Experts discuss childcare workforce crisis, local impact
Published 4:14 pm Wednesday, February 23, 2022
MICHIGAN — As parents have returned to work during the COVID-19 pandemic, a national childcare crisis has been brought front and center. Michigan leaders have come together to discuss what has been done, and what still needs to be done.
The Michigan Works! Association assembled a panel of experts on Feb. 15 to address the state of childcare in the wake of a Feb. 1 report released by the Michigan League for Public Policy entitled “Early childhood workforce in crisis,” which reports a decrease in childcare workers, endemic low wages, lack of resources and lack of training available to workers in the industry.
During the panel discussion, MLPP Kids Count Project Director Kelsey Perdue said there are about 28,000 childcare workers in Michigan, serving more than 330,000 infants and toddlers. The MLPP report also states that child care workers are generally paid less, with less training, the younger the child is they are caring for.
“This really goes against what science says about them for brain development, which is most rapidly happening in the first few years of our lives,” Perdue said. “So, it really is a concern that those who care for our youngest children are receiving the lowest wages.”
According to the report, nearly one in five early educators lives in poverty, and low wages result in high staffing turnover rates.
“No matter how many times I hear that ‘one in five’ number, it’s really hard,” said panel moderator Michelle Richard, who serves as Policy Advisor on Early Childhood for Gov. Whitmer. “Especially as someone who drops my baby off with an early care worker every single day.”
According to the Center for American Progress, 44 percent of Michigan residents live in a childcare desert, with 56 percent of low-income families living in areas without enough childcare providers. A childcare desert is defined as any census tract with more than 50 children under age 5 that contains either no childcare providers or so few options that there are more than three times as many children as licensed childcare slots.
According to the data, Niles, Dowagiac, Cassopolis, Edwardsburg and Buchanan each have at least one census tract that contains a childcare desert. In the Niles area, there are two tracts with at least 46 children per available childcare slot.
Several local childcare options are available through the YMCA of Greater Michiana. The Niles-Buchanan YMCA hosts a Childwatch program Monday-Saturday for children six weeks to eight years old, and also offers full-day child care and development programs at the Northside Child Development Center for infants, toddlers and preschool-aged children.
Zecheriah Hoyt, director of early childhood development for the YMCA of Greater Michiana, said the waiting list and inquiry list for their programs grow daily.
“The balance of meeting needs, expanding, staffing, and quality are all being juggled,” Hoyt said. “The YMCA of Greater Michiana has three main pillars: Social Responsibility, Healthy Living, and Youth Development. Applying these principles for our staff is vital as they provide these opportunities for those we serve. We are conscious of wages and continue to improve this, benefits include reduction of care costs, certifications paid, job track incentives, access to our facilities, and we strive to create a family culture.”
Hoyt added that the YMCA also works with families who need help with funding childcare.
“If families do not qualify and need assistance we will support them through a Scholarship process,” he said. “This process is subsidized through many partners. … Our current challenge is to work with employers to help reduce parent costs.”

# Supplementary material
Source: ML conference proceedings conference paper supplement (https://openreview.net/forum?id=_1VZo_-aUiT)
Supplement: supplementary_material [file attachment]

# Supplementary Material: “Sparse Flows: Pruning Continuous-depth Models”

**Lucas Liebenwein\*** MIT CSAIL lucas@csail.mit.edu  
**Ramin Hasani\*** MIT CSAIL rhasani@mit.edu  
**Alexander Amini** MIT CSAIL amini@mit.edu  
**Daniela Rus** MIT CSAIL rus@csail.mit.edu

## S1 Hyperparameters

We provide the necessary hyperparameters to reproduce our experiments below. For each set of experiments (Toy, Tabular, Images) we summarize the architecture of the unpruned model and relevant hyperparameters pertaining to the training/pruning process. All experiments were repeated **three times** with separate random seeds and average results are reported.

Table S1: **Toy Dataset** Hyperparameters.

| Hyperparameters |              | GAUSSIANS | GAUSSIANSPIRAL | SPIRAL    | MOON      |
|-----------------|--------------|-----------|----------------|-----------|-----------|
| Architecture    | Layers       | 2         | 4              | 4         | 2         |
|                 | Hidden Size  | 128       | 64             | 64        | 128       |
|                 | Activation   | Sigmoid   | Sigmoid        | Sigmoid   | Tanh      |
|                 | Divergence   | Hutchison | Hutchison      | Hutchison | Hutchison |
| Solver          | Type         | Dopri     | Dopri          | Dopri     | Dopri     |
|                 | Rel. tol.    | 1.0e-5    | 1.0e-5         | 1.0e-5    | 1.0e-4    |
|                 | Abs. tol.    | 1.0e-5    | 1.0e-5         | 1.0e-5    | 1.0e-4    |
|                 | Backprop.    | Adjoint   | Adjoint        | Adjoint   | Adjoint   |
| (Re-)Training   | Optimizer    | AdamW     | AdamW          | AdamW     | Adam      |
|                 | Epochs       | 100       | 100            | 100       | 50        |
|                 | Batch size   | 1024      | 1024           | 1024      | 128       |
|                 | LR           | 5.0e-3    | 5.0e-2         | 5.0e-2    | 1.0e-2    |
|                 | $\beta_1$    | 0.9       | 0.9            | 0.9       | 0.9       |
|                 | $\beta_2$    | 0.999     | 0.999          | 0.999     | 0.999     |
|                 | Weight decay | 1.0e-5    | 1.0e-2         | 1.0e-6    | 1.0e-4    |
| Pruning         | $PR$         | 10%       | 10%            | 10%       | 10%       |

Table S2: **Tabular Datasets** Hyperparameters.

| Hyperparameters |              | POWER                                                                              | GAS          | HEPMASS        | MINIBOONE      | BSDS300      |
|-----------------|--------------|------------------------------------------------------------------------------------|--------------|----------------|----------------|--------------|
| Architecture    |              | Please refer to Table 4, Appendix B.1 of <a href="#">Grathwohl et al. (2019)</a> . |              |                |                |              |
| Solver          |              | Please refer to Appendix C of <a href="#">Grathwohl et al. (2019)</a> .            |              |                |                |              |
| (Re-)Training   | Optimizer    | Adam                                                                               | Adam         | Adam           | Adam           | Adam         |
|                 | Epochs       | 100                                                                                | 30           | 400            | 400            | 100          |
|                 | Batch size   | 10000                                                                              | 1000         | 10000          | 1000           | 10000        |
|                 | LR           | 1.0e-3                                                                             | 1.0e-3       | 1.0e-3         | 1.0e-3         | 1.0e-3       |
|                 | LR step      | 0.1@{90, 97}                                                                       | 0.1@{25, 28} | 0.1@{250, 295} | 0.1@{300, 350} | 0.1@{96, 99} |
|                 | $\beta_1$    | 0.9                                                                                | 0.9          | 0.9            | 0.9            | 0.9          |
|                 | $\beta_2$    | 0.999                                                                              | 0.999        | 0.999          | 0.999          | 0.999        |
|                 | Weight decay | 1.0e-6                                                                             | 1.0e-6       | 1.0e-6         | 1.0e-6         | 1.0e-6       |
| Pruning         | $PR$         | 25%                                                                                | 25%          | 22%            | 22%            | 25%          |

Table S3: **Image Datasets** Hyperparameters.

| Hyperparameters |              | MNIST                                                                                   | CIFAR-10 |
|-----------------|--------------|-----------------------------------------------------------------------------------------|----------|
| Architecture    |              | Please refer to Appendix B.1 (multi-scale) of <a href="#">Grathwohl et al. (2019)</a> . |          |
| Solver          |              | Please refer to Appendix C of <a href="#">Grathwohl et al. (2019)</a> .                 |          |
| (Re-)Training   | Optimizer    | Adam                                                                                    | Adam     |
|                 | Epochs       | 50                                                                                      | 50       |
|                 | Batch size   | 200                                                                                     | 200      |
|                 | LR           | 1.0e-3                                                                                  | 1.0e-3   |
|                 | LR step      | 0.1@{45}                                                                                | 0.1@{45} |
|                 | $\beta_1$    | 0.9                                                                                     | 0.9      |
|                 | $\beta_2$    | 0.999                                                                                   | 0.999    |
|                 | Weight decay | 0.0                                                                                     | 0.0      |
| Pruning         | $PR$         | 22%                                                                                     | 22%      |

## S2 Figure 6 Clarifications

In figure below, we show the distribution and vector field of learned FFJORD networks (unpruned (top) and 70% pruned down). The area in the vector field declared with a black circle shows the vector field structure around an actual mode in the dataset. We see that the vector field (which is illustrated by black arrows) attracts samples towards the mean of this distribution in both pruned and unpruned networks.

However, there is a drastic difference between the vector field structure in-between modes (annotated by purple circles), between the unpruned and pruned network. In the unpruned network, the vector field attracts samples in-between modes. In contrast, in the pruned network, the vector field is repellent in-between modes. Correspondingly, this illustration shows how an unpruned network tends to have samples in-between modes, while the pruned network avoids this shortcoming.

Panelist Joan Blough, Director of Child Care Innovation Fund at the Early Childhood Investment Corporation, said her company is working to create a network of people throughout the state to address childcare needs. The company has started a Child Care Innovation Fund, which aims to serve all 83 counties in the state.
“Out of crisis comes opportunity,” Blough said. “A lot more people in Michigan and the U.S. really understand these issues we are talking about. … These are community conversations where people see their friends and neighbors can’t go back to work. Their businesses are failing because they don’t have childcare.”
The state government has said it is making childcare a priority, with Gov. Gretchen Whitmer directing $365 million to nearly 6,000 childcare programs in Michigan through the Child Care Stabilization Grant. According to state data, Cass County has received 20 grants worth more than $650,000, while Berrien County has received 74 grants worth nearly $4 million.
“Gov. Whitmer has championed investment in high quality, affordable healthcare, both as a strategy to make sure our young people have a pathway to educational success, but also so their families can get back to work knowing their children are cared for,” said Richard, during the panel discussion. “[But] we know there is so much more to do.”
Elisabeth Tobia, CEO of EC3 Educational Child Care Center, said Michigan should be doing more to help via direct funding, not only for providers but for families. A recent study published by the Economic Policy Institute shows the cost of childcare for an infant is only 12.7% less than the cost of in-state tuition at a four-year public college.
“A much greater portion of the state budget should be allocated to provider, family and teacher support,” Tobia said. “The state really needs to lead the call to understand early learning is a fundamental part of the public education system. Universal Pre-K is a great start, but it can’t stop there. The state government needs to work with providers to make it all universal, 0-5. You’ll have happy families, workers, businesses and a better economy.”